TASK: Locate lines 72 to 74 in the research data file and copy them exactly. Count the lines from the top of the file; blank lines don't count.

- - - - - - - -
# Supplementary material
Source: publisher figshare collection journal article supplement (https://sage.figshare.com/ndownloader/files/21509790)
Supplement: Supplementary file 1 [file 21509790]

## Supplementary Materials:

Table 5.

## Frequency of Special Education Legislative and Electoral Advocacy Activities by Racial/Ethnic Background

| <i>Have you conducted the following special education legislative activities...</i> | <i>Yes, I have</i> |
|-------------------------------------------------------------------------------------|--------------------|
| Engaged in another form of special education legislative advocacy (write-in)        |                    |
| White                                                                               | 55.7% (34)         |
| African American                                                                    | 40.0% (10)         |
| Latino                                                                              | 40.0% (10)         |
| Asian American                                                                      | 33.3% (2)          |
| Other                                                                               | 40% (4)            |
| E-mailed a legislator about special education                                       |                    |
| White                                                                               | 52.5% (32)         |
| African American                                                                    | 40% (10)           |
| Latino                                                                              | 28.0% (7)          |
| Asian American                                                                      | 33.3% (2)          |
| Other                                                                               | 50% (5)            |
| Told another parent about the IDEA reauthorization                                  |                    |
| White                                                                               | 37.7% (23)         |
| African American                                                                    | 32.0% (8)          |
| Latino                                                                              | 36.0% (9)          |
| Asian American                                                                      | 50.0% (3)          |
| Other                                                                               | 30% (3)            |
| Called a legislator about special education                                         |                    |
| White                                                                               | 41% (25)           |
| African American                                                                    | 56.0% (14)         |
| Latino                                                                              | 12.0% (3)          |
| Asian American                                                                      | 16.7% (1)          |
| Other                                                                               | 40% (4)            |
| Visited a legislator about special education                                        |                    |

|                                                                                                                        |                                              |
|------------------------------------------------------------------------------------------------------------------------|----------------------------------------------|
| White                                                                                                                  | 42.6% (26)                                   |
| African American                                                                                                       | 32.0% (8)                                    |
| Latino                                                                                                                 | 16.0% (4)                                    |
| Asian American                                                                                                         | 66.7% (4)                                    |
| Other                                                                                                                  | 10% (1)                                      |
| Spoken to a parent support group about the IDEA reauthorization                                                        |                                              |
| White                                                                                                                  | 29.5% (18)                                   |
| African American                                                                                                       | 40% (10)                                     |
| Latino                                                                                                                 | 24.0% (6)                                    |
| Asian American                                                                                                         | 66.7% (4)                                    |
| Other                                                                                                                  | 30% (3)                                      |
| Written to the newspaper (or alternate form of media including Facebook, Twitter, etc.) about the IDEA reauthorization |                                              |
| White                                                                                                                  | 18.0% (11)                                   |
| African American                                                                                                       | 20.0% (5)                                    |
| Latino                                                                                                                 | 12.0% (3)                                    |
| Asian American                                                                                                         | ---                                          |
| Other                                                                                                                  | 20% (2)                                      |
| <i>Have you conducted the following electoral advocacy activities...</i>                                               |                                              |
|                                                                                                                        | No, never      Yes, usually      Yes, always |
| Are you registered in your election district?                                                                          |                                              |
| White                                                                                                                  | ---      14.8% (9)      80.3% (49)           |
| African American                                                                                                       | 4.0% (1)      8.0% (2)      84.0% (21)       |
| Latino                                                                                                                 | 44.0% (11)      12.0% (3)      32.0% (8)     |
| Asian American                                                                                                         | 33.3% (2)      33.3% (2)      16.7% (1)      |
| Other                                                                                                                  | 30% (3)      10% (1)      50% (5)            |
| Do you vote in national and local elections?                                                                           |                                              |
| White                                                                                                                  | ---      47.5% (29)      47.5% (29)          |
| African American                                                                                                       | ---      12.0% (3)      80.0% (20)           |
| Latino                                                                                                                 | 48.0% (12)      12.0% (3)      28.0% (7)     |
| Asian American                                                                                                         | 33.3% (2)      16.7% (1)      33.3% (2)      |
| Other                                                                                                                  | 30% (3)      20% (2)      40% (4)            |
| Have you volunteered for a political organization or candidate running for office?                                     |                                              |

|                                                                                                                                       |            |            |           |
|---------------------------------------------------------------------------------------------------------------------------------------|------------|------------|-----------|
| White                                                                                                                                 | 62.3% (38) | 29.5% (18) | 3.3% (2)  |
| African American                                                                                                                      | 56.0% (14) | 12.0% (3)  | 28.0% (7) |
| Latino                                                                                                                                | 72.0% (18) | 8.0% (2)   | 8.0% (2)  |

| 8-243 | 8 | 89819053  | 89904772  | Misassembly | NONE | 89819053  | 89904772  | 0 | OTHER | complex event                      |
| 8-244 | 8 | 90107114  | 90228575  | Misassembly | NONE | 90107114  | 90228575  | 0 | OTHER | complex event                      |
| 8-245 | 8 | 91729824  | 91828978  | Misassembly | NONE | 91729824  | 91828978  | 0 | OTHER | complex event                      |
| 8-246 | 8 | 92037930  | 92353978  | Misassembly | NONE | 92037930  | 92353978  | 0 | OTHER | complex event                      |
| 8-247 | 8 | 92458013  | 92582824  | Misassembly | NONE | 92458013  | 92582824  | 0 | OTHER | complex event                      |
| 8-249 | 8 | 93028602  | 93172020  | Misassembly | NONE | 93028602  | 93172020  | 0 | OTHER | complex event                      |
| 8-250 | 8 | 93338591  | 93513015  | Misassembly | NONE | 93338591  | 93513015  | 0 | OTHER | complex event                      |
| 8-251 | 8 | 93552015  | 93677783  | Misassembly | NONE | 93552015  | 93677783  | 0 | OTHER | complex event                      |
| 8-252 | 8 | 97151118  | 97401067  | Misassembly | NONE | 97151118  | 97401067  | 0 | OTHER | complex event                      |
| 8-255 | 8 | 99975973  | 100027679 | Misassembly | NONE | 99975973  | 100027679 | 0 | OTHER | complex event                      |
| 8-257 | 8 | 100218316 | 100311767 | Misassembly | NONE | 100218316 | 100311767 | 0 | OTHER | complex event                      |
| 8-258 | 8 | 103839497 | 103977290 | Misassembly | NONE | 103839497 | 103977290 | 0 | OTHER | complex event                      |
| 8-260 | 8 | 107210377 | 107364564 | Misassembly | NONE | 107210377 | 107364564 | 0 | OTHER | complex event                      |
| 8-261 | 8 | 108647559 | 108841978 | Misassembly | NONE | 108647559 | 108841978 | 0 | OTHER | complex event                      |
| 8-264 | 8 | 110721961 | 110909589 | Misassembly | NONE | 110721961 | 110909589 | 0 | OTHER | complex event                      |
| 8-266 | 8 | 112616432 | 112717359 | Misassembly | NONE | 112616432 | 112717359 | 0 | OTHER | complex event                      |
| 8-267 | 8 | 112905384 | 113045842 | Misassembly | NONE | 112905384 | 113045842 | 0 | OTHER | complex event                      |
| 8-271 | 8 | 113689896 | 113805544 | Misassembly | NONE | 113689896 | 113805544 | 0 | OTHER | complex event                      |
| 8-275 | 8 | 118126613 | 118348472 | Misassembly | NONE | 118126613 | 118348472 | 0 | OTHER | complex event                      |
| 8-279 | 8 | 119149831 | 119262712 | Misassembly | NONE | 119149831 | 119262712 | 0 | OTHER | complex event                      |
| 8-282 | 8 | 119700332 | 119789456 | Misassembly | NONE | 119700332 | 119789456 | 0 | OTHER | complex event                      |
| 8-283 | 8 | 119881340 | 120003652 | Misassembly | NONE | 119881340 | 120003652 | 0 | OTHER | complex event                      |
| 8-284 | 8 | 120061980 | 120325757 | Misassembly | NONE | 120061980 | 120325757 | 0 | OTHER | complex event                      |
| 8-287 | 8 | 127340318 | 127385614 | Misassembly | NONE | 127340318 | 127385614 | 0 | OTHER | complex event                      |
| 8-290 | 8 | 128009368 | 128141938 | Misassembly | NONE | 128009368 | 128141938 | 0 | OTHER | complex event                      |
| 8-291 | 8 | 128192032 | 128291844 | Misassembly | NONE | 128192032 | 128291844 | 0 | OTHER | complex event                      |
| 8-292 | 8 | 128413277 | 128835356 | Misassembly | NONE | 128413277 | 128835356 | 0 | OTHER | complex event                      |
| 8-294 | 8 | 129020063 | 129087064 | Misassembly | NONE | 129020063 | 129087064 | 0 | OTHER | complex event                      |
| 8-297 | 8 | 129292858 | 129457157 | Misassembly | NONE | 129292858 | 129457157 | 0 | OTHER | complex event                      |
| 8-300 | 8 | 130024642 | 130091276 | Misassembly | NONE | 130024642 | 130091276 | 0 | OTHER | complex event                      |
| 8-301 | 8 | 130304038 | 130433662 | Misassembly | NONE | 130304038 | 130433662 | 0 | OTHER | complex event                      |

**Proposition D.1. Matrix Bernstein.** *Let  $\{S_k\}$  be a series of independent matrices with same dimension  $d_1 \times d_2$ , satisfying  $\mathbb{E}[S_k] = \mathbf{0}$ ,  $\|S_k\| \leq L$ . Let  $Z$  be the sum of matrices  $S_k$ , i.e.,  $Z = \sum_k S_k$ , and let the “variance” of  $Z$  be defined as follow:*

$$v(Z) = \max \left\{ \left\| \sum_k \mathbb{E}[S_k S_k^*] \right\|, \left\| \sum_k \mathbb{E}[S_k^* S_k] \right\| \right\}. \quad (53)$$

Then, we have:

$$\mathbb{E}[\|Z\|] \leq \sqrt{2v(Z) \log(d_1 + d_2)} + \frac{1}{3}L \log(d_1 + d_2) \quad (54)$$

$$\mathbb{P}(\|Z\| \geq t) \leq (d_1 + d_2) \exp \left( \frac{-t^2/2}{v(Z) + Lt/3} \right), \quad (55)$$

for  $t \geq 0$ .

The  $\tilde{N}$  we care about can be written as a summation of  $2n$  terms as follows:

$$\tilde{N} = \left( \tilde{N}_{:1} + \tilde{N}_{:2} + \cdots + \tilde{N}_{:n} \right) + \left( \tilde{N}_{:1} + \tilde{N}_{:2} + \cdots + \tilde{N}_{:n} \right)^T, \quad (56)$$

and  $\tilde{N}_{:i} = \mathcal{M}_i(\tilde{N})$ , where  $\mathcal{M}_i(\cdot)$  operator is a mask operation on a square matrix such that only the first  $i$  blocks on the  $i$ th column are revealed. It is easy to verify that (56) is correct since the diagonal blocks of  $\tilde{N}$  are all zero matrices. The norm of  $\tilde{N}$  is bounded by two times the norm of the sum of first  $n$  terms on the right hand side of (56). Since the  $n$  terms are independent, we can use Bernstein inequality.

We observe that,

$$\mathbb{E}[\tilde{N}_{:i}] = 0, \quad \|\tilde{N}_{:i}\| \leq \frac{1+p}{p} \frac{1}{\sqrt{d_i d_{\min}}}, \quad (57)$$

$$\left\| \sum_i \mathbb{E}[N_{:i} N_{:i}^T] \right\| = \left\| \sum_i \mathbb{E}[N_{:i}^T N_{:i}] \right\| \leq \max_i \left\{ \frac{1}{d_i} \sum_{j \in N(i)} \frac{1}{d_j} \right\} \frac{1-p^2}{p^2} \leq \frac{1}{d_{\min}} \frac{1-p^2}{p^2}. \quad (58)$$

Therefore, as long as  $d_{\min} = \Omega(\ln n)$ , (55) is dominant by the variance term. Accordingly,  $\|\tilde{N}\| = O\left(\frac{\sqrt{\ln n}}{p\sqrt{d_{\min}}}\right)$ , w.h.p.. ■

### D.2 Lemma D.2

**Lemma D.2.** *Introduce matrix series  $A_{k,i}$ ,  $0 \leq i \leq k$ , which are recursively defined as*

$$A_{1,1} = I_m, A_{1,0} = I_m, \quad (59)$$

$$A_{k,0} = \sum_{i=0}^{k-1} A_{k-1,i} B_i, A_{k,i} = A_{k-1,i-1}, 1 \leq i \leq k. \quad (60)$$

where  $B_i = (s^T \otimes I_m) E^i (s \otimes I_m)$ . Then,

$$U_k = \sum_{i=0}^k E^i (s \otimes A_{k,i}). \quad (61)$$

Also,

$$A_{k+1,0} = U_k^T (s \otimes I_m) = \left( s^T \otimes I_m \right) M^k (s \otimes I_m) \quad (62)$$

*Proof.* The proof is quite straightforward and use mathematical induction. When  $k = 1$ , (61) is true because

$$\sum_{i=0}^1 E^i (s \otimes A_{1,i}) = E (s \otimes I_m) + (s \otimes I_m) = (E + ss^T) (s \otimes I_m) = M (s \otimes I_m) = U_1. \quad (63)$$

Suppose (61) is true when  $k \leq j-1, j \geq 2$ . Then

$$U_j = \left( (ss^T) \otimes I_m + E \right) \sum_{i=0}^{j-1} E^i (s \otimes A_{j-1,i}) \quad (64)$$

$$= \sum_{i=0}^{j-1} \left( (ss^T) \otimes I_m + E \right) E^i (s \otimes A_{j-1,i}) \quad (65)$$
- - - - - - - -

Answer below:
| Latino                                                                                                                                | 72.0% (18) | 8.0% (2)   | 8.0% (2)  |

| 8-243 | 8 | 89819053  | 89904772  | Misassembly | NONE | 89819053  | 89904772  | 0 | OTHER | complex event                      |
| 8-244 | 8 | 90107114  | 90228575  | Misassembly | NONE | 90107114  | 90228575  | 0 | OTHER | complex event                      |